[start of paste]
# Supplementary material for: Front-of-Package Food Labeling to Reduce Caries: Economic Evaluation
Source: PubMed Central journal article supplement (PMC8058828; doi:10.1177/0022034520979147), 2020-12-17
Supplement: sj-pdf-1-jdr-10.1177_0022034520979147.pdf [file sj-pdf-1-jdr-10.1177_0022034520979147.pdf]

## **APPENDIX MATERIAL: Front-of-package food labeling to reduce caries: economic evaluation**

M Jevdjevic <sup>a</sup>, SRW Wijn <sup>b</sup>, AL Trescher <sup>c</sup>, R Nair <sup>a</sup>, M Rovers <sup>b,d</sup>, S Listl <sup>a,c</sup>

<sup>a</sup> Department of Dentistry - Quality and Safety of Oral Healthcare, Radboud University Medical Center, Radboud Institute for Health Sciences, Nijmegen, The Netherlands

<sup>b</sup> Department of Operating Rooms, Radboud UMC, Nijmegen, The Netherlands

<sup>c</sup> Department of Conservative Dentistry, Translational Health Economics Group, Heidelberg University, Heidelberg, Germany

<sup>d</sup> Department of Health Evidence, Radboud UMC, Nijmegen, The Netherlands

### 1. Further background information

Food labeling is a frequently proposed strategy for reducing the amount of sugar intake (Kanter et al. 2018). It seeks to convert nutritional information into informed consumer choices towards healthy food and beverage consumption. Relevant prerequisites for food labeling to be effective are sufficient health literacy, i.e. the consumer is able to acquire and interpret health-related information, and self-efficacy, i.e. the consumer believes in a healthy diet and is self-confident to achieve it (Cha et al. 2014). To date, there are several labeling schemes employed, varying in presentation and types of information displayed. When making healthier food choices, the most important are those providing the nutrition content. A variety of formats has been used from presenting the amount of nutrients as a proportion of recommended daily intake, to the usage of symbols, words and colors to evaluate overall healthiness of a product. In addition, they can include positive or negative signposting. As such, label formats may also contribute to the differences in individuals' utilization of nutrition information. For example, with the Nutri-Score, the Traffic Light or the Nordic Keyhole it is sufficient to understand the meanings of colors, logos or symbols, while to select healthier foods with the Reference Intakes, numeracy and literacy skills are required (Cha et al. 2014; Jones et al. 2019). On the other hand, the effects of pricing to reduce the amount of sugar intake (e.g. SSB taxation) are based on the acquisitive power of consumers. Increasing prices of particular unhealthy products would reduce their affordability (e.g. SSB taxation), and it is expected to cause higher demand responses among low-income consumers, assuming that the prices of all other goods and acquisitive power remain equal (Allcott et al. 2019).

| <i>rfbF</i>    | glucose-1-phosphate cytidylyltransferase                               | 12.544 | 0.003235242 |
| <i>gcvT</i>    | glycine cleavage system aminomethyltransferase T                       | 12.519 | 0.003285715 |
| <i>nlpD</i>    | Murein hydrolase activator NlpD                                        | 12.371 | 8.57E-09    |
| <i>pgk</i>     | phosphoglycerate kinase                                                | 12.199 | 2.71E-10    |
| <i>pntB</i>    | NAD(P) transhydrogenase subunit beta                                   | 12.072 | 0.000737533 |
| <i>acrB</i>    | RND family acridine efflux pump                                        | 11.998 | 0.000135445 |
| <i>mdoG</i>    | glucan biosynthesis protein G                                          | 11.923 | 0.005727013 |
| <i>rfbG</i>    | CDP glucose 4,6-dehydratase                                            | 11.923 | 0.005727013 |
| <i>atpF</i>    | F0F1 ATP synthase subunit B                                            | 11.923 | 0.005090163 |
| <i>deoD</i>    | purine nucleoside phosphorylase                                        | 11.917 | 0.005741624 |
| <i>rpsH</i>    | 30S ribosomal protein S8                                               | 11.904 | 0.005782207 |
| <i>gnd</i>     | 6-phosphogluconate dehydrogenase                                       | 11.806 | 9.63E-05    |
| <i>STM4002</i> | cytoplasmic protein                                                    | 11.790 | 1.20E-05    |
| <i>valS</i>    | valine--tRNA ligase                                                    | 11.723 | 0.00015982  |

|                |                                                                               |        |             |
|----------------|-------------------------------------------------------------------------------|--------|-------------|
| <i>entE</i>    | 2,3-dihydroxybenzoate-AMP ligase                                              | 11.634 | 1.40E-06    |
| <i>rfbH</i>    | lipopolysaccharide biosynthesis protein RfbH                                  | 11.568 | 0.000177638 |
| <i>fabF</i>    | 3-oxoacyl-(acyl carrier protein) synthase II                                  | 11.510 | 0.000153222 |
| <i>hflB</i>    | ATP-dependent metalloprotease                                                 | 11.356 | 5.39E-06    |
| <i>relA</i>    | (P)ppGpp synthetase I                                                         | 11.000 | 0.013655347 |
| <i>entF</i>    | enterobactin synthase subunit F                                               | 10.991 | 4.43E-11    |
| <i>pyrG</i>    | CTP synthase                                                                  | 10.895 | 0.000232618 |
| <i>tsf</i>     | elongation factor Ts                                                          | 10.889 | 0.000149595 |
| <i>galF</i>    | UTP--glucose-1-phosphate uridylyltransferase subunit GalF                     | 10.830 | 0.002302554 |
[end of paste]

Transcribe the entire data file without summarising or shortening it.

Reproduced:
# Supplementary material for: Front-of-Package Food Labeling to Reduce Caries: Economic Evaluation
Source: PubMed Central journal article supplement (PMC8058828; doi:10.1177/0022034520979147), 2020-12-17
Supplement: sj-pdf-1-jdr-10.1177_0022034520979147.pdf [file sj-pdf-1-jdr-10.1177_0022034520979147.pdf]

## **APPENDIX MATERIAL: Front-of-package food labeling to reduce caries: economic evaluation**

M Jevdjevic <sup>a</sup>, SRW Wijn <sup>b</sup>, AL Trescher <sup>c</sup>, R Nair <sup>a</sup>, M Rovers <sup>b,d</sup>, S Listl <sup>a,c</sup>

<sup>a</sup> Department of Dentistry - Quality and Safety of Oral Healthcare, Radboud University Medical Center, Radboud Institute for Health Sciences, Nijmegen, The Netherlands

<sup>b</sup> Department of Operating Rooms, Radboud UMC, Nijmegen, The Netherlands

<sup>c</sup> Department of Conservative Dentistry, Translational Health Economics Group, Heidelberg University, Heidelberg, Germany

<sup>d</sup> Department of Health Evidence, Radboud UMC, Nijmegen, The Netherlands

### 1. Further background information

Food labeling is a frequently proposed strategy for reducing the amount of sugar intake (Kanter et al. 2018). It seeks to convert nutritional information into informed consumer choices towards healthy food and beverage consumption. Relevant prerequisites for food labeling to be effective are sufficient health literacy, i.e. the consumer is able to acquire and interpret health-related information, and self-efficacy, i.e. the consumer believes in a healthy diet and is self-confident to achieve it (Cha et al. 2014). To date, there are several labeling schemes employed, varying in presentation and types of information displayed. When making healthier food choices, the most important are those providing the nutrition content. A variety of formats has been used from presenting the amount of nutrients as a proportion of recommended daily intake, to the usage of symbols, words and colors to evaluate overall healthiness of a product. In addition, they can include positive or negative signposting. As such, label formats may also contribute to the differences in individuals' utilization of nutrition information. For example, with the Nutri-Score, the Traffic Light or the Nordic Keyhole it is sufficient to understand the meanings of colors, logos or symbols, while to select healthier foods with the Reference Intakes, numeracy and literacy skills are required (Cha et al. 2014; Jones et al. 2019). On the other hand, the effects of pricing to reduce the amount of sugar intake (e.g. SSB taxation) are based on the acquisitive power of consumers. Increasing prices of particular unhealthy products would reduce their affordability (e.g. SSB taxation), and it is expected to cause higher demand responses among low-income consumers, assuming that the prices of all other goods and acquisitive power remain equal (Allcott et al. 2019).

| <i>rfbF</i>    | glucose-1-phosphate cytidylyltransferase                               | 12.544 | 0.003235242 |
| <i>gcvT</i>    | glycine cleavage system aminomethyltransferase T                       | 12.519 | 0.003285715 |
| <i>nlpD</i>    | Murein hydrolase activator NlpD                                        | 12.371 | 8.57E-09    |
| <i>pgk</i>     | phosphoglycerate kinase                                                | 12.199 | 2.71E-10    |
| <i>pntB</i>    | NAD(P) transhydrogenase subunit beta                                   | 12.072 | 0.000737533 |
| <i>acrB</i>    | RND family acridine efflux pump                                        | 11.998 | 0.000135445 |
| <i>mdoG</i>    | glucan biosynthesis protein G                                          | 11.923 | 0.005727013 |
| <i>rfbG</i>    | CDP glucose 4,6-dehydratase                                            | 11.923 | 0.005727013 |
| <i>atpF</i>    | F0F1 ATP synthase subunit B                                            | 11.923 | 0.005090163 |
| <i>deoD</i>    | purine nucleoside phosphorylase                                        | 11.917 | 0.005741624 |
| <i>rpsH</i>    | 30S ribosomal protein S8                                               | 11.904 | 0.005782207 |
| <i>gnd</i>     | 6-phosphogluconate dehydrogenase                                       | 11.806 | 9.63E-05    |
| <i>STM4002</i> | cytoplasmic protein                                                    | 11.790 | 1.20E-05    |
| <i>valS</i>    | valine--tRNA ligase                                                    | 11.723 | 0.00015982  |

|                |                                                                               |        |             |
|----------------|-------------------------------------------------------------------------------|--------|-------------|
| <i>entE</i>    | 2,3-dihydroxybenzoate-AMP ligase                                              | 11.634 | 1.40E-06    |
| <i>rfbH</i>    | lipopolysaccharide biosynthesis protein RfbH                                  | 11.568 | 0.000177638 |
| <i>fabF</i>    | 3-oxoacyl-(acyl carrier protein) synthase II                                  | 11.510 | 0.000153222 |
| <i>hflB</i>    | ATP-dependent metalloprotease                                                 | 11.356 | 5.39E-06    |
| <i>relA</i>    | (P)ppGpp synthetase I                                                         | 11.000 | 0.013655347 |
| <i>entF</i>    | enterobactin synthase subunit F                                               | 10.991 | 4.43E-11    |
| <i>pyrG</i>    | CTP synthase                                                                  | 10.895 | 0.000232618 |
| <i>tsf</i>     | elongation factor Ts                                                          | 10.889 | 0.000149595 |
| <i>galF</i>    | UTP--glucose-1-phosphate uridylyltransferase subunit GalF                     | 10.830 | 0.002302554 |